And They're Off. . .
The candidates are starting to out themselves. I can already tell I'm gonna love it. Check out the pre-season warm up as reported in today's SF Chronicle:
State Attorney General Bill Lockyer and state Treasurer Phil Angelides became the first Democrats to say they will challenge Gov. Arnold Schwarzenegger should the popular Republican governor run for re-election next year.P.S. Rob Reiner vs. Arnold Schwarzenegger? Honestly, who comes up with this stuff?
Angelides became the first official Democratic challenger to the governor, kicking off his campaign Tuesday by charging Schwarzenegger has broken campaign promises and endorsed "Bush-Cheney policies of debt, division and diminished opportunity."
But Lockyer's comments, coming during a lunch with California reporters in Washington, D.C., caused the greater stir.
First, the attorney general said he plans to run for governor next year, adding "it's not a formal announcement, but that's what I'm working on."
Then, he criticized Schwarzenegger's leadership style, saying "I don't like to dwell on this. But it has a little bit of the sort of the odor of Austrian politics. There's a sort of arrogance of power that bothers me. You know, Arnold is still an Austrian citizen."
Asked pointedly if he were referring to Nazi-era Austria, the attorney general replied, "I'm just talking about the culture,'' he said, adding that there was a "long history from the Austria-Hungarian empire on, of sort of a more autocracy... it's a more elite system."
Karen Hanretty, spokeswoman for the California Republican Party, quickly responded, calling Lockyer's statements appalling and outrageous. She sought to tie Lockyer and Angelides together as out of the mainstream with state voters.
"We have two spokesmen for the California Democratic Party today, one of them promoting tax increases, and the other comparing the governor to the Nazis," she said.
With 15 months until the 2006 election for governor, and a full year before the Democratic primary, the efforts by Angelides and Lockyer signaled the start of an expensive and combative campaign to unseat the governor.
Lockyer said Tuesday he has already banked $11 million for his next race, and Angelides, formerly a wealthy developer, has $12 million ready.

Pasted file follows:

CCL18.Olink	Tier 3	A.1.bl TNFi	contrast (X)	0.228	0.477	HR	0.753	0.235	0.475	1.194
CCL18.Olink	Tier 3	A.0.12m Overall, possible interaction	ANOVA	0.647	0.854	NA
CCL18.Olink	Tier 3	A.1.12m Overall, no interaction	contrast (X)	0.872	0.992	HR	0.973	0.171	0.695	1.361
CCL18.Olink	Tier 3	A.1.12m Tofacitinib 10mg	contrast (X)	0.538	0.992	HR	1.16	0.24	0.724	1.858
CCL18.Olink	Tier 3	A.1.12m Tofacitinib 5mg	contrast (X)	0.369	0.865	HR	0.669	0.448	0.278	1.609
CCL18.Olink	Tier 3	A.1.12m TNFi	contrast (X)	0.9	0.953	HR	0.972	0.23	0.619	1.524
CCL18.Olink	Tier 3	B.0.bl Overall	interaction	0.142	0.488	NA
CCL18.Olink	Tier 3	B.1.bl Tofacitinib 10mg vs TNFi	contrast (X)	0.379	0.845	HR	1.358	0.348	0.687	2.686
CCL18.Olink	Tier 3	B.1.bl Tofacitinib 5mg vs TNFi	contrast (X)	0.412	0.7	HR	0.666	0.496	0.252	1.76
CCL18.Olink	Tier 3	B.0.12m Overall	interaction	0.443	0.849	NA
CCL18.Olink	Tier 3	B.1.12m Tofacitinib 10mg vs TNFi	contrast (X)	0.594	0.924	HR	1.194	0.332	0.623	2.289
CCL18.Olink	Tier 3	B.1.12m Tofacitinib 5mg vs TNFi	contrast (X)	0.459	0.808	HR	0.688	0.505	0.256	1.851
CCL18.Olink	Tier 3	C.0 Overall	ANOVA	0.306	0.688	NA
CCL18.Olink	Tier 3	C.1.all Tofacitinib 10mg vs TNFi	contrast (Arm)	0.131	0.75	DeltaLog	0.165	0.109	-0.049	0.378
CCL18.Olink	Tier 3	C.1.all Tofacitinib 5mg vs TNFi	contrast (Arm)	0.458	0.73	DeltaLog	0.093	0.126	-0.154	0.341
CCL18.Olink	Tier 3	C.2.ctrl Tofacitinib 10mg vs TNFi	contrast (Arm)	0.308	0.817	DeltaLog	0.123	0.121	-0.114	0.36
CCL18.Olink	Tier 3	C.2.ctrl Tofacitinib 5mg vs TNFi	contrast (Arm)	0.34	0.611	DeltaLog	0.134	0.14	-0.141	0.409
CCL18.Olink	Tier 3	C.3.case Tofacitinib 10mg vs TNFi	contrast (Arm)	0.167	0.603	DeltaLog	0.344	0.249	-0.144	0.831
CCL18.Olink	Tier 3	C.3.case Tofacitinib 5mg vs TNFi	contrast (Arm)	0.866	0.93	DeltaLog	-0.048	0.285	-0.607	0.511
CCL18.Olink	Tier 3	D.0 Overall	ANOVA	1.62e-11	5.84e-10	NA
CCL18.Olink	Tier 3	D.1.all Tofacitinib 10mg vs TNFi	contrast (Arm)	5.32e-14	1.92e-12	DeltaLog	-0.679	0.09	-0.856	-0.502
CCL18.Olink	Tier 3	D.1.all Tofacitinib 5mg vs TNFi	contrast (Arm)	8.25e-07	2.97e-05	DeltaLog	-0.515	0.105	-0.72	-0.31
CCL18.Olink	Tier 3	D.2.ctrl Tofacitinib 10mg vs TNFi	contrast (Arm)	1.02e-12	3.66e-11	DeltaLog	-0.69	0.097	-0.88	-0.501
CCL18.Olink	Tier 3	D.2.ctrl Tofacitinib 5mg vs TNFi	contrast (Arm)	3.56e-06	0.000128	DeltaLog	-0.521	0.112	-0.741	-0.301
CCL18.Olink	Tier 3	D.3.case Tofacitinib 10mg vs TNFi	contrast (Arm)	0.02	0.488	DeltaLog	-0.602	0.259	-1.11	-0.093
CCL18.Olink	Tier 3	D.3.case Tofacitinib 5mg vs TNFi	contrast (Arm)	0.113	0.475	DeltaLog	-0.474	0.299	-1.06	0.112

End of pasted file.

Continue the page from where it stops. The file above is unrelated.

"We have a governor who thinks it's fine to cut assistance to children, to the poor—that somehow, if we just shower more fortune on the fortunate, the crumbs will reach the rest, like the leftovers of a Hollywood dinner party," Angelides told cheering supporters in Sacramento, one of 19 stops he plans to make during his five-day campaign rollout.
"Unlike Gov. Schwarzenegger, I don't believe in a Charles Darwin fiscal policy, and I don't believe in a Marie Antoinette tax policy," he said. "I don't believe a great state's economy should be a race to the bottom."
Angelides has already racked up a hefty list of endorsements from leading Democrats—including House Democratic leader Nancy Pelosi of San Francisco and U.S. Sen. Barbara Boxer. He has criticized Schwarzenegger for months, positioned himself to pick up support from many of the party's major backers, including labor unions and teachers, Democrats said.
But Lockyer's comments signal an energetic primary fight.
A recent Field Poll showed that film director Rob Reiner is the lead choice among Democrats to challenge the governor, followed by Lockyer, Angelides and state Controller Steve Westly.
Angelides acknowledged Tuesday that he was "a relatively unknown public servant looking to take on a global action hero, an international celebrity."
"But I believe the governor is taking us in the wrong direction ... and one of the reasons I'm announcing early is that I believe that each and every day, he is damaging California's economic competitiveness, and dividing our state," he said. "He's gone from being a supposed healer to someone attacking nurses and teachers and working men and women."
For his part, Lockyer—addressing a question sure to dog him throughout a primary campaign—again acknowledged he voted for Schwarzenegger in 2003. But he insisted he has been disappointed by the governor's emphasis on fund raising.
"I expected reform," he said. "I expected more serious problem solving. I expected
less time on fund raising."